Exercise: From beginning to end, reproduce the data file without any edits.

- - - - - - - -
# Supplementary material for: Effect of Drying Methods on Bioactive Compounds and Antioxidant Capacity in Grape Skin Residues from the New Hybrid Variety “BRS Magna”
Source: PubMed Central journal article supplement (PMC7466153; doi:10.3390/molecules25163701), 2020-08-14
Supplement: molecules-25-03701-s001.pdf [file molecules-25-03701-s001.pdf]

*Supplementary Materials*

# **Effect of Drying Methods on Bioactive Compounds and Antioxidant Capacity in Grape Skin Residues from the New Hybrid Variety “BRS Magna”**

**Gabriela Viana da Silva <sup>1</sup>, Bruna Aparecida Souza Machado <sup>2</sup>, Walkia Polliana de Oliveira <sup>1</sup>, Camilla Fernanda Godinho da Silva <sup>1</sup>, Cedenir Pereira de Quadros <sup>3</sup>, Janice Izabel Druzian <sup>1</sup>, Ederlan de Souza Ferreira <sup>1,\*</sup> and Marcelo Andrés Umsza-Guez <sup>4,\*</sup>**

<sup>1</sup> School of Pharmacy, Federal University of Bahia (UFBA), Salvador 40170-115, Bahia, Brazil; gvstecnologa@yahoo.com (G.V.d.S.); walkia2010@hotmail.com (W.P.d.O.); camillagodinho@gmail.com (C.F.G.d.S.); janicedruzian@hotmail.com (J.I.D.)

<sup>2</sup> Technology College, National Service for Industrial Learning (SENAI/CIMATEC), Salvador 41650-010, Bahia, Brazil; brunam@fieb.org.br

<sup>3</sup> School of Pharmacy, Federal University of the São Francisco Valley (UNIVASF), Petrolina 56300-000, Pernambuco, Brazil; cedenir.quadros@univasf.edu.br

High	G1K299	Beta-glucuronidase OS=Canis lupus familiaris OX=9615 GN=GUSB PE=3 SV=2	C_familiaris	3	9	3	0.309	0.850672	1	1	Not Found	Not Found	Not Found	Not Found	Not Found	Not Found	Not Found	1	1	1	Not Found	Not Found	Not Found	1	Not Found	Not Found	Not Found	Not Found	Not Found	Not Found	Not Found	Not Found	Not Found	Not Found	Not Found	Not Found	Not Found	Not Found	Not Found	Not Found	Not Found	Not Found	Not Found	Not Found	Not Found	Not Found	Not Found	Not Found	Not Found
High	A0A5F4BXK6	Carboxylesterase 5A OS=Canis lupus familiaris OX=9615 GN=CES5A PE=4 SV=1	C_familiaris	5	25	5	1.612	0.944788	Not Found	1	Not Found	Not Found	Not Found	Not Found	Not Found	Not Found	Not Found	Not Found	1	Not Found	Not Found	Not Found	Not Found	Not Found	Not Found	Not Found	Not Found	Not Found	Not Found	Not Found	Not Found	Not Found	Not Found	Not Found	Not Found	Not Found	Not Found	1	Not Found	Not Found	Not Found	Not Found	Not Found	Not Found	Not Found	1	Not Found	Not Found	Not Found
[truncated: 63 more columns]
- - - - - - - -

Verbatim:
# Supplementary material for: Effect of Drying Methods on Bioactive Compounds and Antioxidant Capacity in Grape Skin Residues from the New Hybrid Variety “BRS Magna”
Source: PubMed Central journal article supplement (PMC7466153; doi:10.3390/molecules25163701), 2020-08-14
Supplement: molecules-25-03701-s001.pdf [file molecules-25-03701-s001.pdf]

*Supplementary Materials*

# **Effect of Drying Methods on Bioactive Compounds and Antioxidant Capacity in Grape Skin Residues from the New Hybrid Variety “BRS Magna”**

**Gabriela Viana da Silva <sup>1</sup>, Bruna Aparecida Souza Machado <sup>2</sup>, Walkia Polliana de Oliveira <sup>1</sup>, Camilla Fernanda Godinho da Silva <sup>1</sup>, Cedenir Pereira de Quadros <sup>3</sup>, Janice Izabel Druzian <sup>1</sup>, Ederlan de Souza Ferreira <sup>1,\*</sup> and Marcelo Andrés Umsza-Guez <sup>4,\*</sup>**

<sup>1</sup> School of Pharmacy, Federal University of Bahia (UFBA), Salvador 40170-115, Bahia, Brazil; gvstecnologa@yahoo.com (G.V.d.S.); walkia2010@hotmail.com (W.P.d.O.); camillagodinho@gmail.com (C.F.G.d.S.); janicedruzian@hotmail.com (J.I.D.)

<sup>2</sup> Technology College, National Service for Industrial Learning (SENAI/CIMATEC), Salvador 41650-010, Bahia, Brazil; brunam@fieb.org.br

<sup>3</sup> School of Pharmacy, Federal University of the São Francisco Valley (UNIVASF), Petrolina 56300-000, Pernambuco, Brazil; cedenir.quadros@univasf.edu.br

High	G1K299	Beta-glucuronidase OS=Canis lupus familiaris OX=9615 GN=GUSB PE=3 SV=2	C_familiaris	3	9	3	0.309	0.850672	1	1	Not Found	Not Found	Not Found	Not Found	Not Found	Not Found	Not Found	1	1	1	Not Found	Not Found	Not Found	1	Not Found	Not Found	Not Found	Not Found	Not Found	Not Found	Not Found	Not Found	Not Found	Not Found	Not Found	Not Found	Not Found	Not Found	Not Found	Not Found	Not Found	Not Found	Not Found	Not Found	Not Found	Not Found	Not Found	Not Found	Not Found
High	A0A5F4BXK6	Carboxylesterase 5A OS=Canis lupus familiaris OX=9615 GN=CES5A PE=4 SV=1	C_familiaris	5	25	5	1.612	0.944788	Not Found	1	Not Found	Not Found	Not Found	Not Found	Not Found	Not Found	Not Found	Not Found	1	Not Found	Not Found	Not Found	Not Found	Not Found	Not Found	Not Found	Not Found	Not Found	Not Found	Not Found	Not Found	Not Found	Not Found	Not Found	Not Found	Not Found	Not Found	1	Not Found	Not Found	Not Found	Not Found	Not Found	Not Found	Not Found	1	Not Found	Not Found	Not Found
[truncated: 63 more columns]